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Functional & Integrative Genomics

, Volume 4, Issue 2, pp 74–83 | Cite as

An integrated approach for comparative mapping in rice and barley with special reference to the Rph16 resistance locus

  • Dragan Perovic
  • Nils Stein
  • Hangning Zhang
  • Anke Drescher
  • Manoj Prasad
  • Raja Kota
  • Doris Kopahnke
  • Andreas GranerEmail author
Original Paper

Abstract

The accumulated sequence information of the almost completed rice genome and the transcriptome of other cereals provide an excellent starting point for comparative genome analysis. We performed targeted synteny-based marker saturation for the Rph16 leaf rust resistance locus in barley by extensively exploiting these newly available resources. Out of a collection of over 320,000 public barley ESTs 309 non-redundant candidate syntenic clones have been identified for this region in a two-step in silico selection procedure. For mapping, 54 barley cDNA-clones were selected due to the even distribution of their homologs on a putatively collinear 3-Mb rice BAC contig. Out of these, 97% (30) of the polymorphic markers could be genetically assigned in collinearity to the target region in barley and a set of 11 markers was integrated into an rph16 high-resolution map. Although, the collinear target region of rice does not contain an obvious candidate gene for rph16 the results demonstrate the potential of the presented procedure to efficiently utilize EST resources for synteny-based marker saturation. The systematic genome-wide exploitation of the increasing sequence data resources will strongly improve our current view of genome conservation and likely facilitate a synteny-based isolation of genes conserved across cereal species.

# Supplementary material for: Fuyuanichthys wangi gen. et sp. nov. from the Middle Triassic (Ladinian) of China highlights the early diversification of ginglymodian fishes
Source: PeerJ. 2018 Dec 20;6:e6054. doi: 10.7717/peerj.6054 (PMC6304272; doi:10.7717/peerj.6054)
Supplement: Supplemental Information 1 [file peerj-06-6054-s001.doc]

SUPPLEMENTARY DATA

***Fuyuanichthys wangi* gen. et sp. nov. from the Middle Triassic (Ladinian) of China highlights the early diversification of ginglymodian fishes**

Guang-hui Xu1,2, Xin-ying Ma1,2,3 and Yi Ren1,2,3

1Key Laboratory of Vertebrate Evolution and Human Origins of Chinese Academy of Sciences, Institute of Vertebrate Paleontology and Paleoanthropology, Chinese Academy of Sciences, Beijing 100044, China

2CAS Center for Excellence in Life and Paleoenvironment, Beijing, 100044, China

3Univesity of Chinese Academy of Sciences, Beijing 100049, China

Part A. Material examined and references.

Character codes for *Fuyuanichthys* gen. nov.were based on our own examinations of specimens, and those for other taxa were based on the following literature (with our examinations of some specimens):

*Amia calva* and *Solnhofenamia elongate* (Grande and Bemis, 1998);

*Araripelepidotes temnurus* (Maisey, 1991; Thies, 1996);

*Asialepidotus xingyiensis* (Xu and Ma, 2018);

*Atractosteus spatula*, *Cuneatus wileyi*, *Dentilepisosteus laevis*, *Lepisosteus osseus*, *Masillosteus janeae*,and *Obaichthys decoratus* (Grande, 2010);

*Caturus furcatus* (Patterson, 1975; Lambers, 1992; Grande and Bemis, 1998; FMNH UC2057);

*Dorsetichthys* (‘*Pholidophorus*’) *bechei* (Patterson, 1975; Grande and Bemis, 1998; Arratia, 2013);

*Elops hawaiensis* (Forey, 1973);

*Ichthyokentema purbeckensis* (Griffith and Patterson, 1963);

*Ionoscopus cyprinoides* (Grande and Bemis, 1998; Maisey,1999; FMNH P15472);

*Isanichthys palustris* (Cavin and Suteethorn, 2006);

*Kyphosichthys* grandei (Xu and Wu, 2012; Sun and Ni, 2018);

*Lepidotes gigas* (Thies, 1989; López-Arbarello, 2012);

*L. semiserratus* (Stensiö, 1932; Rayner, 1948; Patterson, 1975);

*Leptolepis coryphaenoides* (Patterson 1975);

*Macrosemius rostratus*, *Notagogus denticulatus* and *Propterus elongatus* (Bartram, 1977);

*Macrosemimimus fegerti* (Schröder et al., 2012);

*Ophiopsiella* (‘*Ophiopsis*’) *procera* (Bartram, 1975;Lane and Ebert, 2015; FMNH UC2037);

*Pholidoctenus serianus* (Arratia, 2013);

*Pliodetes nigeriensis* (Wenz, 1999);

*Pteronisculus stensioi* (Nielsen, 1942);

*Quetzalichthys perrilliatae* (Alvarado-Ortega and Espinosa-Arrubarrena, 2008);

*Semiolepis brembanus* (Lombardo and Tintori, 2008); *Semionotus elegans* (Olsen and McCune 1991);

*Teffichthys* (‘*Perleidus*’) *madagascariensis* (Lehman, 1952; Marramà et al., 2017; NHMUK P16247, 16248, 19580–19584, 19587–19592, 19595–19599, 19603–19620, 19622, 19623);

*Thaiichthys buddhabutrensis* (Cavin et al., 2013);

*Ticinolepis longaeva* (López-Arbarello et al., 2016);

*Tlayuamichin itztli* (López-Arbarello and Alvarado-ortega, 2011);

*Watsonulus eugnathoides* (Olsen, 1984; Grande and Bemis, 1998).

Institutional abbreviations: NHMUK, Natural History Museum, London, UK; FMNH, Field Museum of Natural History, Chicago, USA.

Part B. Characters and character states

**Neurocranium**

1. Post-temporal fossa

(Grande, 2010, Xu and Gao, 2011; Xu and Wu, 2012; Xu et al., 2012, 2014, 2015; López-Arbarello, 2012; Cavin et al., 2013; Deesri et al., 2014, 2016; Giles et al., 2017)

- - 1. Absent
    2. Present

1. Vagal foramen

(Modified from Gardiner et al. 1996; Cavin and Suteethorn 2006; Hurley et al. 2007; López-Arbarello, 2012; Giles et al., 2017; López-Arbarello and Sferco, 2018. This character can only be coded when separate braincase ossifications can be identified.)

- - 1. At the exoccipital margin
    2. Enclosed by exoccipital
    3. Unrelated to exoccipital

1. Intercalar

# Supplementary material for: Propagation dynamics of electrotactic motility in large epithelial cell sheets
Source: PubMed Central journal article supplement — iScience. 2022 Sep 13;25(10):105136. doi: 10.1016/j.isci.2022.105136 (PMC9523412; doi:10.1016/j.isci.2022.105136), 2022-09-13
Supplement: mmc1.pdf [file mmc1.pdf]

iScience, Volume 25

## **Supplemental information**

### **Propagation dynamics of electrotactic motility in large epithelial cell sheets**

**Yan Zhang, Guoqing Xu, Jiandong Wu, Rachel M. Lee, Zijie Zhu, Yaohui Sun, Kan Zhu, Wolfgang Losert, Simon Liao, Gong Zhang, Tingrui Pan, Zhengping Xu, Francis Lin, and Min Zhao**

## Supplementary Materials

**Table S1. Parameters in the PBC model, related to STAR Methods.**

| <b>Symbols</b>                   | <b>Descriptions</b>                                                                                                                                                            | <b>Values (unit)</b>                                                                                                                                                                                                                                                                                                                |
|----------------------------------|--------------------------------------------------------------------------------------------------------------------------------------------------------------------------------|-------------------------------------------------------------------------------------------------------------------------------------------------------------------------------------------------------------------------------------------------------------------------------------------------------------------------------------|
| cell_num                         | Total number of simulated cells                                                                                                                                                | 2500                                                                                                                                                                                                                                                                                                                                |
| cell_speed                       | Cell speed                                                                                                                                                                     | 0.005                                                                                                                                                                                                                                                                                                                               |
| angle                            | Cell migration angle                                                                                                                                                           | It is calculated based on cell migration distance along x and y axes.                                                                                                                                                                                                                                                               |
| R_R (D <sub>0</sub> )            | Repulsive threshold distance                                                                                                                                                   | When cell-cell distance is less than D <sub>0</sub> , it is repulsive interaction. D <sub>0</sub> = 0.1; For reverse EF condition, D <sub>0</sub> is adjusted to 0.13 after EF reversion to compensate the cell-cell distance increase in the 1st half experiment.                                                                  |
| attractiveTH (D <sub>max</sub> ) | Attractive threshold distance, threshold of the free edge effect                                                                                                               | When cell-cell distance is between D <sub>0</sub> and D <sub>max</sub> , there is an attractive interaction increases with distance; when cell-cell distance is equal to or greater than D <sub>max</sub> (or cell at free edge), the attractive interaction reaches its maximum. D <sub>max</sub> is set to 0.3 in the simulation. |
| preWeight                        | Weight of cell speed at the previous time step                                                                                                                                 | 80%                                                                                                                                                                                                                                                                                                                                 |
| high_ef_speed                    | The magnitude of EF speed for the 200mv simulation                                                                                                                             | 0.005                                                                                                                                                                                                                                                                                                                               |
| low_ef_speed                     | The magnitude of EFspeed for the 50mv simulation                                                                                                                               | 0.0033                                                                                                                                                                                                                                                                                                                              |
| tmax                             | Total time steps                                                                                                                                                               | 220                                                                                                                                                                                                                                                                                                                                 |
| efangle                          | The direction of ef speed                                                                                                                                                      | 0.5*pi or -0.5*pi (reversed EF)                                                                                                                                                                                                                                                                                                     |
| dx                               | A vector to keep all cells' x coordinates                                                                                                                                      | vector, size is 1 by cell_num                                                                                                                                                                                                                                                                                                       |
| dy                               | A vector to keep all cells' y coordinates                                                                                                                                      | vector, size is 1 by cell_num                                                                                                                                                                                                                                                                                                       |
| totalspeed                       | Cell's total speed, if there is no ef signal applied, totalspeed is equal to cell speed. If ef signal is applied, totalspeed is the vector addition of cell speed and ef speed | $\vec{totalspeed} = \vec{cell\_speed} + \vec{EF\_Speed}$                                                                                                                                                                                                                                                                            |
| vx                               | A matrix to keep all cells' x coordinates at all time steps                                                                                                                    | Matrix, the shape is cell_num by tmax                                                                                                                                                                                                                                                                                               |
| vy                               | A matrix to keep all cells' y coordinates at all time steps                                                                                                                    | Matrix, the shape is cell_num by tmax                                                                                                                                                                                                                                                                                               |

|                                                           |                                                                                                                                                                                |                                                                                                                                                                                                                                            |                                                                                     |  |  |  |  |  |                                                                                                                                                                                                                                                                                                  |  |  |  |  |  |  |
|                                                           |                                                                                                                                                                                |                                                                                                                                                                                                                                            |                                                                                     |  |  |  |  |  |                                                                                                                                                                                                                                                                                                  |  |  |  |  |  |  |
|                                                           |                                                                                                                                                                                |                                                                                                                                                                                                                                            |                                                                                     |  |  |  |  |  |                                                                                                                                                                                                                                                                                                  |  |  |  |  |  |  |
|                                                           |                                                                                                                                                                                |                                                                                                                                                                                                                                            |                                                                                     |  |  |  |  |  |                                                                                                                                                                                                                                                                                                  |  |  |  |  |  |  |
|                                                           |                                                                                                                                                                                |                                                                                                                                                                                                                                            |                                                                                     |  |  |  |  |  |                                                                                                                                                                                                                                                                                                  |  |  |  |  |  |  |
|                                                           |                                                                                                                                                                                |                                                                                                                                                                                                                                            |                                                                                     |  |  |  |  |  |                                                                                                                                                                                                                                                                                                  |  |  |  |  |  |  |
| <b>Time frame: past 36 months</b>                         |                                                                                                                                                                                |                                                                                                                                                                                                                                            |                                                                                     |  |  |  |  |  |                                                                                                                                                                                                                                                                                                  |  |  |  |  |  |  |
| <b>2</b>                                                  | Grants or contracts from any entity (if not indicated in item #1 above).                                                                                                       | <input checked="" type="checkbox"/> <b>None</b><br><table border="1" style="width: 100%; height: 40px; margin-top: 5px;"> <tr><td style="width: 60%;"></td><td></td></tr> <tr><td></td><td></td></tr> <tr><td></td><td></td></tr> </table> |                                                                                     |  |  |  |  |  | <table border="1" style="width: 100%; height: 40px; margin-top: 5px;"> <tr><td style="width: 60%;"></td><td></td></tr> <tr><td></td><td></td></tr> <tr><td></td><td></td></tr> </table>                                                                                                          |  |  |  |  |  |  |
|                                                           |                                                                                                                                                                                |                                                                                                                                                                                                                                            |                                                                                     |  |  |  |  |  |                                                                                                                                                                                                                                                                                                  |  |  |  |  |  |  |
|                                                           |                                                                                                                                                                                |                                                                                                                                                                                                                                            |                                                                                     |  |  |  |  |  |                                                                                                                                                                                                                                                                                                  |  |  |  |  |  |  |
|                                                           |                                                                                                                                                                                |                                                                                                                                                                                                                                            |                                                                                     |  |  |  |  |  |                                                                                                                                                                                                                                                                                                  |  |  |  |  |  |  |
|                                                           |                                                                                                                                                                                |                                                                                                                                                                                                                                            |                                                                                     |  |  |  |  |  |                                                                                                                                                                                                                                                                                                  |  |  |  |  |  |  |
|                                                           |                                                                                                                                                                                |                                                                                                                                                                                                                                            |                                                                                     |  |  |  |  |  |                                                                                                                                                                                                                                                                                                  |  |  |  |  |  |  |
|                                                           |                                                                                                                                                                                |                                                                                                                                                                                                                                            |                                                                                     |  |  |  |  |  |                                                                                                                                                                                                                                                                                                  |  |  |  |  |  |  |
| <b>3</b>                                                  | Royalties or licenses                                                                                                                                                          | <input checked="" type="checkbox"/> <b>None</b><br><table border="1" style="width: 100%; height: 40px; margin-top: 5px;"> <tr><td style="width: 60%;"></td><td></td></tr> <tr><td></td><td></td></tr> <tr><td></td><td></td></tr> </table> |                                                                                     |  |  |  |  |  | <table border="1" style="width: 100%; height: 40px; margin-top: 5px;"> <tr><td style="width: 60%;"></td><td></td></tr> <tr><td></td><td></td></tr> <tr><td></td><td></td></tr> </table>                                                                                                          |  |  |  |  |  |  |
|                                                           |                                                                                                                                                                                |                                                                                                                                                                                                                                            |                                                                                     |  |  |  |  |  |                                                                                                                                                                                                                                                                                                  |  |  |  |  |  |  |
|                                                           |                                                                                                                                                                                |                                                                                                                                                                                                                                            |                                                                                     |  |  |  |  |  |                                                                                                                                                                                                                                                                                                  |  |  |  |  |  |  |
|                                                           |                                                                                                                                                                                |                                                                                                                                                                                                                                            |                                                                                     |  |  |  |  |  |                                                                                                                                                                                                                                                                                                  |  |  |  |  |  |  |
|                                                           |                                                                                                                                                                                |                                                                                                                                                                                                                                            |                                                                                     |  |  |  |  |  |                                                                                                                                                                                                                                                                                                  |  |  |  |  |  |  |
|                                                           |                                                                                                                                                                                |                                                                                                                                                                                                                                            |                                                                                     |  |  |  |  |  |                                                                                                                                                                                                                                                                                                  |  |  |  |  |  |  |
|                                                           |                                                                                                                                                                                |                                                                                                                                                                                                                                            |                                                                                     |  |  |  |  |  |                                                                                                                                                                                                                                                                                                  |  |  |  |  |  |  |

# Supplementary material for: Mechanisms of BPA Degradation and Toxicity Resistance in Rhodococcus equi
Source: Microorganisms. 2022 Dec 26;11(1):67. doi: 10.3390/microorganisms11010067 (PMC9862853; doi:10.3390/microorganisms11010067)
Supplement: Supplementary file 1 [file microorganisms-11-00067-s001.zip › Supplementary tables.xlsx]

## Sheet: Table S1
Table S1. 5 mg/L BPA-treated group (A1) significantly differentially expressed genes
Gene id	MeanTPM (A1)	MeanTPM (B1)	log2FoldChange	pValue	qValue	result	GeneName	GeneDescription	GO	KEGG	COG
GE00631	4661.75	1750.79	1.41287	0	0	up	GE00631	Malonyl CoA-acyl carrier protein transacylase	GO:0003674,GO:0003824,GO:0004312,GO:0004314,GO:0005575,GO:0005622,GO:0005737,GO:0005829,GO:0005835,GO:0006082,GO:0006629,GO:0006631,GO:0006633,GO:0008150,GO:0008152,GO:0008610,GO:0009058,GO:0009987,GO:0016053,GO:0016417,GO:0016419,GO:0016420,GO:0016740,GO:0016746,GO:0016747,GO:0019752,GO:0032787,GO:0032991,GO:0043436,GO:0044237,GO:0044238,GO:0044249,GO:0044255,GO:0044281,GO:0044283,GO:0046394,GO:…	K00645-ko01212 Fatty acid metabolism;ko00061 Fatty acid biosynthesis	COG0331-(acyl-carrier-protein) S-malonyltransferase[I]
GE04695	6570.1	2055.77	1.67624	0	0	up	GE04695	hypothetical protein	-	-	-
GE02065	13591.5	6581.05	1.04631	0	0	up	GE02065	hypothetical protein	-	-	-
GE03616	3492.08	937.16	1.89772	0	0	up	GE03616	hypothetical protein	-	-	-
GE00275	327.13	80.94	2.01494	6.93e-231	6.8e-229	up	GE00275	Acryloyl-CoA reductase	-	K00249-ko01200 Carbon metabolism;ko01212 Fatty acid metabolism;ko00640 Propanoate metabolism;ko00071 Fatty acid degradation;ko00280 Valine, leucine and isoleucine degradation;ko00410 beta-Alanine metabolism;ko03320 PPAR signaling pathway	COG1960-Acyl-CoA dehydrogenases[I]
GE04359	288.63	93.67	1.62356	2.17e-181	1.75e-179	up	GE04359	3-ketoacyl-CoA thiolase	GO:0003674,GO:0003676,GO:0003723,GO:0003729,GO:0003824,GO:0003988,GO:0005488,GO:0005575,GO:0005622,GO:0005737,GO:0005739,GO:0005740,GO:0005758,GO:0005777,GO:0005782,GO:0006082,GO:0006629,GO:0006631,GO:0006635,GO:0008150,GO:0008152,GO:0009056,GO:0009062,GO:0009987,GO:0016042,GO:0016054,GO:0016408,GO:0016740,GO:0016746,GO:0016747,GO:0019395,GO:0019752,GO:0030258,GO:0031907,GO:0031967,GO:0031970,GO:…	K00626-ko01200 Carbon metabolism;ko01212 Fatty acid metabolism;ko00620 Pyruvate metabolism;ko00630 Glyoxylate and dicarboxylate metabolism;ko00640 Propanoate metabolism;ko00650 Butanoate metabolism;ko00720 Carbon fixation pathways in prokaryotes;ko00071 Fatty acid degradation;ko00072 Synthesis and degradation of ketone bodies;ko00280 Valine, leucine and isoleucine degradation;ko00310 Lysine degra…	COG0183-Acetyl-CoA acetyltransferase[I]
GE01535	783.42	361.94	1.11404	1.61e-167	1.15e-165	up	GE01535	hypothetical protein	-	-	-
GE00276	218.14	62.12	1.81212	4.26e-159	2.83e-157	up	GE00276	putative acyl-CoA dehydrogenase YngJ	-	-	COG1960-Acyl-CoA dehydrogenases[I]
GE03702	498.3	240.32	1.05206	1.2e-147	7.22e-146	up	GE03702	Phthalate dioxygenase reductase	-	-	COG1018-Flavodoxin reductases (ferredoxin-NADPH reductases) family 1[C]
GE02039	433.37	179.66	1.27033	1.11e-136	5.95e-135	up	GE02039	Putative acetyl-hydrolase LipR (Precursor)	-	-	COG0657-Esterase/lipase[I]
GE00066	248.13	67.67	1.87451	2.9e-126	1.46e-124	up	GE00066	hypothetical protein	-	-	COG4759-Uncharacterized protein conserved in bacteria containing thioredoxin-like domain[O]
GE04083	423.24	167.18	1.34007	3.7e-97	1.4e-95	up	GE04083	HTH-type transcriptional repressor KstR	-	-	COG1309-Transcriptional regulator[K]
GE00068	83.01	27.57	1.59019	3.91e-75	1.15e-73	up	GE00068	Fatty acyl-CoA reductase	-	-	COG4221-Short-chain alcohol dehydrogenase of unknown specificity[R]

Keywords

Synteny EST High resolution map Leaf rust 

Notes

Acknowledgements

The presented work was supported by grant no. Gr.1317/4-3 of the Deutsche Forschungsgemeinschaft (DFG), Germany. The authors would like to thank A. Kleinhofs, Washington State University, United States and P. Hayes, Oregon State University, United States for kindly providing seeds of the S × M and OWB D × R mapping populations. We would also like to thank D. Smilde, JIC, Norwich, United Kingdom for helpful comments on the manuscript and S. Stegmann, B. Hoppe and J. Perovic for technical assistance.

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Copyright information

© Springer-Verlag 2004

Authors and Affiliations

  • Dragan Perovic
    • 1
  • Nils Stein
    • 1
  • Hangning Zhang
    • 1
  • Anke Drescher
    • 1
    • 3
  • Manoj Prasad
    • 1
  • Raja Kota
    • 1
  • Doris Kopahnke
    • 2
  • Andreas Graner
    • 1
    Email author
  1. 1.Institute of Plant Genetics and Crop Plant Research (IPK)GaterslebenGermany
  2. 2.Federal Centre for Breeding Research on Cultivated PlantsInstitute for Epidemiology and ResistanceAscherslebenGermany
  3. 3.Allgemeine Genetik/ZMBPUniversität TübingenTübingenGermany

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